Japan Today

Here
and
Now

kuchikomi

Domestic jeans makers panting for survival

23 Comments

Denim trousers were sold in Japan before WW2. But it was the rough-hewn Levi's look in Hollywood films exemplified by stars like James Dean that boosted their popularity from the 1950s. An extensive domestic industry sprang up in Okayama Prefecture, with brand names like Edwin, Big John and Bobson, to market casual denim apparel, tailored to the proportions and budgets of the locals.

The female market was supplied by the Betty Smith brand, which despite its WASPish name is as Japanese as "tako-yaki."

These so-called "Showa-kei" -- old established domestic manufacturers -- are reeling from the onslaught of ultra low-priced imports, Weekly Playboy (Oct 19) reports.

"Bobson and Big John jeans in particular aren't selling," sighs a sales clerk at a casual wear outlet chain. "Their main items are in the 4,000 to 5,000 yen range. Customers ignore them completely."

In September, Okayama City-based Bobson (founded in 1950) was acquired by a Tokyo-based investment company, Milestone Turnaround Management Co, Ltd for undisclosed terms.

Levi Strauss Japan has also been hard hit, reporting a 79% year-on decline in after-tax earnings in its December 2008 to May 2009 fiscal period.

According to Shinsaku Sugiyama, author of a recent book on the history of blue jeans in Japan, so-called "three-digit" casual items are responsible for the tight squeeze on Japan's mid-tier manufacturers.

First Retailing set the wheels in motion last March, when it launched sales of jeans for 990 yen a pair under its low-priced g.u. brand. Seven & I Holdings' "The Price" trousers lowered the bar by 10 yen two months later. And then in August and September, the Aeon and Daiei supermarket chains undercut these, with jeans selling for 880 yen a pair.

Within a week after its ultra-cheap items made their debut, Aeon had already sold some 200,000 pairs -- equivalent to 40% of its total sales for all of 2008.

How are merchandisers able offer such remarkably good value so cheaply, and still turn a profit?

"Due to the worldwide recession, manufacturers in China found themselves stuck with a huge glut of denim fabric," a garment industry executive tells Weekly Playboy. "By buying up the dead stock in bulk, the cost of materials could be significantly reduced. So these jeans can be said to be a product of the recession."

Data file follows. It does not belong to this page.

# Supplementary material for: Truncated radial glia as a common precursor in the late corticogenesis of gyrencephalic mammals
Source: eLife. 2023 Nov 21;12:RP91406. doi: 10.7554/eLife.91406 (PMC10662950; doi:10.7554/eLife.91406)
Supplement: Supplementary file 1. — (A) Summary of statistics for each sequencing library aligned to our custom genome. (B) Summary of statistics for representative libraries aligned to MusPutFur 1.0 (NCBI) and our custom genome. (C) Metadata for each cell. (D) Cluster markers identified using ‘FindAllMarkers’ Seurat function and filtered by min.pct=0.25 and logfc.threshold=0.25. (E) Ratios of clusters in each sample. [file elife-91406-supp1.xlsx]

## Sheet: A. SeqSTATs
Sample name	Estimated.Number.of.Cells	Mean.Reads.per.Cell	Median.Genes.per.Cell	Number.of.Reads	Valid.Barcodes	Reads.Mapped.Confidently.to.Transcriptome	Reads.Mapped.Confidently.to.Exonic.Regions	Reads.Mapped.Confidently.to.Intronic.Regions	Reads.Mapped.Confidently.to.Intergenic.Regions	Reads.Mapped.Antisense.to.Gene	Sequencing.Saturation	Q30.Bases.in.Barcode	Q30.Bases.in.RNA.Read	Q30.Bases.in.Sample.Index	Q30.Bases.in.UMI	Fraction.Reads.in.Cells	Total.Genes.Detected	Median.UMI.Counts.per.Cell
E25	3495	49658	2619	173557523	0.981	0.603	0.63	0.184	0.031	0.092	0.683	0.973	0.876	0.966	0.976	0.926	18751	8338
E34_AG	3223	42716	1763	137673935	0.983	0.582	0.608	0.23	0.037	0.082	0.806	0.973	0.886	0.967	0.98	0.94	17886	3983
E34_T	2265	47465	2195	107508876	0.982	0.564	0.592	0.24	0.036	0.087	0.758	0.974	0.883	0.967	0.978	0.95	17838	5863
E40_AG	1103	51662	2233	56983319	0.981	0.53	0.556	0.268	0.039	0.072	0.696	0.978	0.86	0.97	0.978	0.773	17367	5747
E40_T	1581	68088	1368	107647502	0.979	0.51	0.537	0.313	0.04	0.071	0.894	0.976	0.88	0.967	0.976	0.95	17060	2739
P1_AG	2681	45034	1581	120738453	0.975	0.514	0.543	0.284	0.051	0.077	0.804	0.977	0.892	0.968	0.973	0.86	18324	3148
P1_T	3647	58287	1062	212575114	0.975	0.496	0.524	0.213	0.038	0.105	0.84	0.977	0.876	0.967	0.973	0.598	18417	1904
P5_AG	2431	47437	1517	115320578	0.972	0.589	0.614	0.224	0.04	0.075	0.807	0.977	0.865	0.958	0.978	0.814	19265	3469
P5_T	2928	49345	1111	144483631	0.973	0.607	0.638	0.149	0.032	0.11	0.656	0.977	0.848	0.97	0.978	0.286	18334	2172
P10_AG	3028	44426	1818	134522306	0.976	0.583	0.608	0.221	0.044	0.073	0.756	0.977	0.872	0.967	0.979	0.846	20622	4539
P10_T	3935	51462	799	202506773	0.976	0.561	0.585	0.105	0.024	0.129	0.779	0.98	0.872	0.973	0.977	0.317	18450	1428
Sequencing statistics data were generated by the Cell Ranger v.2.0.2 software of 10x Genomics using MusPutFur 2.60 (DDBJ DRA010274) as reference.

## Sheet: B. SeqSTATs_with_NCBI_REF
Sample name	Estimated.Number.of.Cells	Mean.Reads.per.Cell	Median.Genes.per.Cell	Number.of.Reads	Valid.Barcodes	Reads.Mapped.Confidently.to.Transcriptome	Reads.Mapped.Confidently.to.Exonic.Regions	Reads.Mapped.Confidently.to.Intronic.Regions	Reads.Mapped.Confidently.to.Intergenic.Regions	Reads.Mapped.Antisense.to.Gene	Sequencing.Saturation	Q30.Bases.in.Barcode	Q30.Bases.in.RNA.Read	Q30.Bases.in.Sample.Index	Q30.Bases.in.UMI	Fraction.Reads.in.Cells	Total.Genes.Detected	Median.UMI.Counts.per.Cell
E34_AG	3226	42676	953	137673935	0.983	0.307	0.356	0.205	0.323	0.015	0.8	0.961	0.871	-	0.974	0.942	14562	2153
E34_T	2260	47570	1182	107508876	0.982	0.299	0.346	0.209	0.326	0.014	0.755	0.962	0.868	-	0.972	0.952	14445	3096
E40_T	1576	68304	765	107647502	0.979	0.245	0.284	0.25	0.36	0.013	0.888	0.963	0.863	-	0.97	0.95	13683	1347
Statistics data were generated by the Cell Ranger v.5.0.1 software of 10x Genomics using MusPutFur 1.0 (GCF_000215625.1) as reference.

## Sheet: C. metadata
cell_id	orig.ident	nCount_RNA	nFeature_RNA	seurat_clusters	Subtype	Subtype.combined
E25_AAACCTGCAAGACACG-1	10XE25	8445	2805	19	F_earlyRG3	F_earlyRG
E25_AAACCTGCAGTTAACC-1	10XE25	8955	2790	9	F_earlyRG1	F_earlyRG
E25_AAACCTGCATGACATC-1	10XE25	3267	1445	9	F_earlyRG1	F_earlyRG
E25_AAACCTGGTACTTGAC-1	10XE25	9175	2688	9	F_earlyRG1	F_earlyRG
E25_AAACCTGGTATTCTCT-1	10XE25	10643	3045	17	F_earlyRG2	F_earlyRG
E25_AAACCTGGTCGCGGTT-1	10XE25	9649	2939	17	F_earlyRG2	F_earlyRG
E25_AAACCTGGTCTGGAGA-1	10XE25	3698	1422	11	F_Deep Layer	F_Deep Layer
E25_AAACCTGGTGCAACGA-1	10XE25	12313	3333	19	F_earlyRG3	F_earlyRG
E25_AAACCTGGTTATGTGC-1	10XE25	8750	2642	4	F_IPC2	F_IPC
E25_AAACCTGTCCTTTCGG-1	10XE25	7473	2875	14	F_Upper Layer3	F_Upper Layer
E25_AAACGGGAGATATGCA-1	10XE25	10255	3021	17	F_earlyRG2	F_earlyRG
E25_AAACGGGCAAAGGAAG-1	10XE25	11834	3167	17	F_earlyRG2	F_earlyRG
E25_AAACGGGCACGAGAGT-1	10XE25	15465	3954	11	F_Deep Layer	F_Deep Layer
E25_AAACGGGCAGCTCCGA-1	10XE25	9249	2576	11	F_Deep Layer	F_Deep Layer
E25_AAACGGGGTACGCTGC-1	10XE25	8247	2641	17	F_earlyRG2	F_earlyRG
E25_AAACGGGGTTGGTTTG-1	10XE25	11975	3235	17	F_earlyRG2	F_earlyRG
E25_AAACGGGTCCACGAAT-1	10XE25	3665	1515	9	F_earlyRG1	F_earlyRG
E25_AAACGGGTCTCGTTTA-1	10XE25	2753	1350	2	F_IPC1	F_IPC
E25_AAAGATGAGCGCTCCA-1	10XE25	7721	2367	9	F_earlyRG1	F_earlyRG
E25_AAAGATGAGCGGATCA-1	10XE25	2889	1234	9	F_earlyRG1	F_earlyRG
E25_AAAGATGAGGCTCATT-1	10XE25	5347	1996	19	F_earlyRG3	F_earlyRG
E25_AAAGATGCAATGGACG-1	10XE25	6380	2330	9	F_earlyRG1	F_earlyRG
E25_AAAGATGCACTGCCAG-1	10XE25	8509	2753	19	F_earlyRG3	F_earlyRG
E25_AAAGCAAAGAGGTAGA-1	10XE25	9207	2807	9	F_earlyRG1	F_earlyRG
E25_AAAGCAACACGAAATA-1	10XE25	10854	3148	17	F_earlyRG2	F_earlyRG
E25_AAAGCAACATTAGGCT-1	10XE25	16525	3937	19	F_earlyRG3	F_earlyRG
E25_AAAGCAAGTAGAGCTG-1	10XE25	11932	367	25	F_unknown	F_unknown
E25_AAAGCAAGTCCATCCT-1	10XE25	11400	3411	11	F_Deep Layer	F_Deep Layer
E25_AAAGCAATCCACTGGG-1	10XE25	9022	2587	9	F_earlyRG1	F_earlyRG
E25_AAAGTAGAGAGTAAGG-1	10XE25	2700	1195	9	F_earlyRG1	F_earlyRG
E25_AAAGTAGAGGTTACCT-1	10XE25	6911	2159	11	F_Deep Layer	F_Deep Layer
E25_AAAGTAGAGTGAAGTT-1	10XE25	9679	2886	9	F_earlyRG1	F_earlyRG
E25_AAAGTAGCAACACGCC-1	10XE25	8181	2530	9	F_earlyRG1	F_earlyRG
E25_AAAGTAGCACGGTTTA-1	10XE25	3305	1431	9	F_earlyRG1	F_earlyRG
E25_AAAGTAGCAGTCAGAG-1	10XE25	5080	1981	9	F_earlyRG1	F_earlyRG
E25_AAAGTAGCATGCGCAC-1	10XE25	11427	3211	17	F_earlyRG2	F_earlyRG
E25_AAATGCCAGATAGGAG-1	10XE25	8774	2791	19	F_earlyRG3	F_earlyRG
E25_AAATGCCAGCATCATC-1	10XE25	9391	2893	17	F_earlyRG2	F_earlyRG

For the 100-plus companies in the Kojima district of Kurashiki City that support Japan's domestic jeans industry, the onslaught of ultra-low priced imports poses yet another blow. Many have reduced their work week to four days. Workers from China, some 800, have replaced the indigenous staff. From around a decade ago most of the companies had begun shifting the bulk of their production to China.

While further downsizing appears inevitable, companies in Kojima like Miyoshi Sengyo, a specialist in dyeing technology, may ride out the storm. But for most, the picture is anything but optimistic.

"Last year alone, owners of two companies fleeing from creditors hanged themselves," says Katsumi Miyoshi, president of the aforementioned. "If this situation keeps up, Kojima will sink for good."

© Japan Today

©2024 GPlusMedia Inc.

23 Comments
Login to comment

Get sizes suitable for gaijins and you will be assured of some increase in your sales. Most of us have to import our denim.

0 ( +0 / -0 )

gaijin are what, 5% of the population? that's not accounting for the fact that a large majority are made up of laborers from asian countries (who are roughly the same size as japanese). nobody's gonna care about that small a segment of the market.

0 ( +0 / -0 )

I love the Japanese pants - I am too tiny for UK sizes, but too tall for the petite or childrens sizes that would fit my waist, so I am in heaven here.

The tops are a different matter though...

0 ( +0 / -0 )

5%? I think you're a little off.

I thought Japan was 99.9% Japanese. 0.05% Chinese a little bit of Korean/SE-Asian. A bit less South American. And even less European (Caucasian)

Eitherway, apart from the length, the jeans here fit pretty well, but I'm only a moderate 32" waist.

0 ( +0 / -0 )

I dig the Bobson and Big John jeans!

0 ( +0 / -0 )

I love the Japanese pants - I am too tiny for UK sizes, but too tall for the petite or childrens sizes that would fit my waist, so I am in heaven here.The tops are a different matter though...

Lol you are a supermodel without airbrush

0 ( +0 / -0 )

Get sizes suitable for gaijins and you will be assured of some increase in your sales. Most of us have to import our denim.

this post is priceless. Most shops offer different sizes

0 ( +0 / -0 )

First Retailing set the wheels in motion last March, when it launched sales of jeans for 990 yen a pair under its low-priced g.u. brand. Seven & I Holdings’ “The Price” trousers lowered the bar by 10 yen two months later. And then in August and September, the Aeon and Daiei supermarket chains undercut these, with jeans selling for 880 yen a pair.

That's pretty cheap - but in this horrible recession, I'm going to keep waitng until jeans start appearing in the 100 yen shops. Then, and only then, I might replace my treasured, cool, 2000 yen UniQlo Jeans.

0 ( +0 / -0 )

At the end of the day, all you get is what you pay for. Enjoy going cheap.

0 ( +0 / -0 )

Any low-tech textile made in Japan cannot compete with China.

In China, textile industry is extremely low cost, and low margin (less than 5%). Smart companies like Uniqlo are taking advantage of the supply glut.

Proud companies in Japan might as well get ready to close. There are no protectionist measures to help them.

Japan has to focus on high-tech textiles based on leading edge high-performance materials or nanotechnology.

0 ( +0 / -0 )

Let me correct myself: there may be a special tariff or anti-dumping quota in effect, but that may only delay the inevitable. Inefficient or non-competitive industries need to move into some special niche markets and either focus on high-value added products or creative designs.

0 ( +0 / -0 )